The Art of Fielding
4 August 2013 8 Comments
Author: Chad Harbach.
Summary: At Westish College, baseball star Henry Skrimshander seems destined for the big leagues until a routine throw goes disastrously off course. His error will upend the fates of five people.
Henry’s fight against self-doubt threatens to ruin his future. College president Guert Affenlight has fallen unexpectedly and helplessly in love. Owen Dunne becomes caught up in a dangerous affair. Mike Schwartz realises he has guided Henry’s career at the expense of his own. And Pella Affenlight returns to Westish after escaping an ill-fated marriage, determined to start a new life.
As the season counts down to its climactic final game, all five are forced to confront their deepest hopes, anxieties, and secrets.
Rating: ★★★☆☆ 3/5
Review: This was all about baseball without actually being about baseball at all. An American college was the setting, a baseball tournament the context and the characters themselves the plot.
I enjoyed it. I was interested, invested. I wanted to know what would happen to these people, if and how things worked out for them. And for the first two-thirds of the book, it was getting a solid four stars.
I didn’t like all of the characters, at least not all of the time, but they were real enough for me to be interested in them, to want to follow their lives for a little while.
Pella i was distinctly hot and cold on. I admired her for up and leaving a marriage which had offered her nothing without even packing a bag (and wanted to know a lot more about what went on there). I didn’t begrudge the fact that she was running back to another man who could look after her—her father. I did get a bit sick of her fickle indecisiveness and her admitted dependency on others—on men—but her unwillingness to really do anything about it.
Mike—Schwartz, as he was for me throughout—i did adore. Somehow selfless and selfish both at the same time, his feelings and motivations came through easily and believably for me. He almost wanted to be a tortured soul, as if he wasn’t that, he wouldn’t know what else to be.
Owen was a nice enough guy. I like the idea of his mellow, laid back personality. His quiet, obsessive need to read. But the Buddha thing got dull pretty quickly. This might have been different had the book ever shown things from his point of view—his integral role in the story was conspicuously lacking without one.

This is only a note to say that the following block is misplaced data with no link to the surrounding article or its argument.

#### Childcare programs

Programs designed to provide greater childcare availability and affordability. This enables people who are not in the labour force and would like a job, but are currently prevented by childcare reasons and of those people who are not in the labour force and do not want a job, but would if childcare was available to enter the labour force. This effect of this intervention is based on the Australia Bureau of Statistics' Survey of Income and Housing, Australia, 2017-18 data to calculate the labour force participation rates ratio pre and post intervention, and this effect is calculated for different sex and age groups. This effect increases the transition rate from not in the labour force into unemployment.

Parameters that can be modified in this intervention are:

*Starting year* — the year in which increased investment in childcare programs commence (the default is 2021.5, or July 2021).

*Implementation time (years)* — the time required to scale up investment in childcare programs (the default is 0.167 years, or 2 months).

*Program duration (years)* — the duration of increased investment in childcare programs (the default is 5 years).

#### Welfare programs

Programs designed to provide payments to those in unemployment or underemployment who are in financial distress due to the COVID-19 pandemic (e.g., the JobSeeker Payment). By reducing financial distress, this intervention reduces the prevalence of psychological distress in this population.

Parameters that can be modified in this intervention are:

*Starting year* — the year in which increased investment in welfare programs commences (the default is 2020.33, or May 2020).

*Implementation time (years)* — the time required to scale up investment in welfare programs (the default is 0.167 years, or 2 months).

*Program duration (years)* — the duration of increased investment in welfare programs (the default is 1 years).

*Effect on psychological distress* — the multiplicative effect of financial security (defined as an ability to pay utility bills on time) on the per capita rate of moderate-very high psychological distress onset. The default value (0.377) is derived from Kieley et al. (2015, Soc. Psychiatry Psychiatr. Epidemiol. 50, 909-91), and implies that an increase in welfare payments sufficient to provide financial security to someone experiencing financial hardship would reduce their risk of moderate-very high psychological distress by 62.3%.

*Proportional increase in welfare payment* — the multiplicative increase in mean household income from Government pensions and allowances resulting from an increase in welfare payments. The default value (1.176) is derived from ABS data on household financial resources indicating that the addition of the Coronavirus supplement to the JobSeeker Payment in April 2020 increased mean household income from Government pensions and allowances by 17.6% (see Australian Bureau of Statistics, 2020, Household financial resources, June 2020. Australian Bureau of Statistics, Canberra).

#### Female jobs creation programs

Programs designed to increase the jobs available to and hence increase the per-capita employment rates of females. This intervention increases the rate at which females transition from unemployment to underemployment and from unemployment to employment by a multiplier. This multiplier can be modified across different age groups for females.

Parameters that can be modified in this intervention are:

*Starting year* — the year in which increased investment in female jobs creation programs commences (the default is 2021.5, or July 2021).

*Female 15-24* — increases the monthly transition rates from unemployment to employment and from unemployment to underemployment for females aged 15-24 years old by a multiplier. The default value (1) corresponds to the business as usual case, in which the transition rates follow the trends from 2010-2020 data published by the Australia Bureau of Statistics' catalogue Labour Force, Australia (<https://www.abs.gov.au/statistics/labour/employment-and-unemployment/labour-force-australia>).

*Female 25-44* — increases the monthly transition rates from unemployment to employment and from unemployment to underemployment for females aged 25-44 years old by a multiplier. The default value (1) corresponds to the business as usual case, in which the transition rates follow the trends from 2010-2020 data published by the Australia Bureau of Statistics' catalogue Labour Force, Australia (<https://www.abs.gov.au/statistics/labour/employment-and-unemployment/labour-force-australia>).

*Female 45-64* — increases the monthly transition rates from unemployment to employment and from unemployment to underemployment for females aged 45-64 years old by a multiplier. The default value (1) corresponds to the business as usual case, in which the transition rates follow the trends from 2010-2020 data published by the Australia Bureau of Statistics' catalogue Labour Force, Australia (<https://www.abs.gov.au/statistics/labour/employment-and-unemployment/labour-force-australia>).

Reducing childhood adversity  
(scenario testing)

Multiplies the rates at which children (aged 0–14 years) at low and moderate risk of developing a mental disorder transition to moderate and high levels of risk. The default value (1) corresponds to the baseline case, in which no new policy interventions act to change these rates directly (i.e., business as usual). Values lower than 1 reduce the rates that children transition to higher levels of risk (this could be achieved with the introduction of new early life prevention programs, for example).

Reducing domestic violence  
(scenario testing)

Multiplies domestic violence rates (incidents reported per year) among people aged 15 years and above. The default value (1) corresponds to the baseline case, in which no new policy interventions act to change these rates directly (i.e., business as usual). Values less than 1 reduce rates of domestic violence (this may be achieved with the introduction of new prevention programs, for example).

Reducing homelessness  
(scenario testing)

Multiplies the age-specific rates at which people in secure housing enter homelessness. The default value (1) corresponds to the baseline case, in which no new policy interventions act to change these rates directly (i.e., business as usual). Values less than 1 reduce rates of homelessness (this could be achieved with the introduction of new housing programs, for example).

Guert… I think Guert intrigued me the most. And i mean generally, his all-round character. Not his starry-eyed love for a student. I think i enjoyed his mind the most. He was honest with himself. With what he wanted out of any given situation and what would be best. He made mistakes, but he didn’t try to fool himself into thinking he hadn’t made them.
Henry i was highly ambivalent towards. His perfect shortstopping was nice. His innocence and naïvety was nice. His dedication was nice. Just nice. Not that exciting, not that boring. When he throws his first off-ball, his story had the potential to get interesting. Instead, it drags on. With every game, with all his second-guessing and lack of acknowledgement of a problem, i got more bored. I wanted something to happen. It didn’t. Instead, he hid himself away and practically starved himself to death.
Regardless of my opinions of the characters and their lives, i was enjoying the book (i can enjoy characters i dislike, so long as they are well done—which they are here). I enjoyed it until Guert talked about that house he didn’t buy four years ago. Until he drove past that house the same day, and it’s conveniently for sale. Until it went on sale that day. Until Guert considers getting a dog. Until it turns out the current owners have a dog they want to leave behind. On what planet would any of that actually happen?
Ultimately, the end of the book was a let down to me. The first two-thirds, while enjoyable, were very long. It deserved a more satisfying, less rushed ending, or else it needed to be more heavily edited.
I enjoyed the writing and the characters, but not the construction, delivery and climax of the characters’ stories.